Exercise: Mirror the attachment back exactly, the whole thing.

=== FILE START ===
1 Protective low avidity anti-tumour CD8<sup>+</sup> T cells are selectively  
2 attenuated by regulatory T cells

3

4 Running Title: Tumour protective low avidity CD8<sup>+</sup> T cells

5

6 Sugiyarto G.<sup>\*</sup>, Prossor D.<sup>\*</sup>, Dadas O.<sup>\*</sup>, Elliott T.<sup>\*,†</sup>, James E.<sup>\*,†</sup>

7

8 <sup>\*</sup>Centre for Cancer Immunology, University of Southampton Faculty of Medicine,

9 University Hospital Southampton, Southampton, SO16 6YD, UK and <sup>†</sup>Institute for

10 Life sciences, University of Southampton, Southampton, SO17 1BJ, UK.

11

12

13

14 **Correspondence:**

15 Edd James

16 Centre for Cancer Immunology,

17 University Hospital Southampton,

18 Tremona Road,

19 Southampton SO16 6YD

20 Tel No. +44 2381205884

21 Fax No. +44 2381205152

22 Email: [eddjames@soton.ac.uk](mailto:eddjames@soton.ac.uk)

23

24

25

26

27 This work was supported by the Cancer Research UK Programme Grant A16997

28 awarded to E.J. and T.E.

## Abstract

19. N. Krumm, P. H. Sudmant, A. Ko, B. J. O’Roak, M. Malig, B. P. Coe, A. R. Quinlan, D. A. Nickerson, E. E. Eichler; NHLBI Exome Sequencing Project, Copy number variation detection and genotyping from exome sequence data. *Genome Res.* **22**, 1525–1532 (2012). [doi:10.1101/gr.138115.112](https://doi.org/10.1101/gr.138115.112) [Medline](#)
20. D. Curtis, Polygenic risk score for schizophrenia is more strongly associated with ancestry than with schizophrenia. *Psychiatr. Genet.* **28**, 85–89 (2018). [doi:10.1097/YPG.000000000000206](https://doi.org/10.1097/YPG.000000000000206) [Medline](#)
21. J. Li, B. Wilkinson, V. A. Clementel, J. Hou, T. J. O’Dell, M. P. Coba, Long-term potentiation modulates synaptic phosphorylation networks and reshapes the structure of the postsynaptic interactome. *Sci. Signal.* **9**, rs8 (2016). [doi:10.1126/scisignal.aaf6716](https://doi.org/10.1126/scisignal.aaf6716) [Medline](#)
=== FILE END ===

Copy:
1 Protective low avidity anti-tumour CD8<sup>+</sup> T cells are selectively  
2 attenuated by regulatory T cells

3

4 Running Title: Tumour protective low avidity CD8<sup>+</sup> T cells

5

6 Sugiyarto G.<sup>\*</sup>, Prossor D.<sup>\*</sup>, Dadas O.<sup>\*</sup>, Elliott T.<sup>\*,†</sup>, James E.<sup>\*,†</sup>

7

8 <sup>\*</sup>Centre for Cancer Immunology, University of Southampton Faculty of Medicine,

9 University Hospital Southampton, Southampton, SO16 6YD, UK and <sup>†</sup>Institute for

10 Life sciences, University of Southampton, Southampton, SO17 1BJ, UK.

11

12

13

14 **Correspondence:**

15 Edd James

16 Centre for Cancer Immunology,

17 University Hospital Southampton,

18 Tremona Road,

19 Southampton SO16 6YD

20 Tel No. +44 2381205884

21 Fax No. +44 2381205152

22 Email: [eddjames@soton.ac.uk](mailto:eddjames@soton.ac.uk)

23

24

25

26

27 This work was supported by the Cancer Research UK Programme Grant A16997

28 awarded to E.J. and T.E.

## Abstract

19. N. Krumm, P. H. Sudmant, A. Ko, B. J. O’Roak, M. Malig, B. P. Coe, A. R. Quinlan, D. A. Nickerson, E. E. Eichler; NHLBI Exome Sequencing Project, Copy number variation detection and genotyping from exome sequence data. *Genome Res.* **22**, 1525–1532 (2012). [doi:10.1101/gr.138115.112](https://doi.org/10.1101/gr.138115.112) [Medline](#)
20. D. Curtis, Polygenic risk score for schizophrenia is more strongly associated with ancestry than with schizophrenia. *Psychiatr. Genet.* **28**, 85–89 (2018). [doi:10.1097/YPG.000000000000206](https://doi.org/10.1097/YPG.000000000000206) [Medline](#)
21. J. Li, B. Wilkinson, V. A. Clementel, J. Hou, T. J. O’Dell, M. P. Coba, Long-term potentiation modulates synaptic phosphorylation networks and reshapes the structure of the postsynaptic interactome. *Sci. Signal.* **9**, rs8 (2016). [doi:10.1126/scisignal.aaf6716](https://doi.org/10.1126/scisignal.aaf6716) [Medline](#)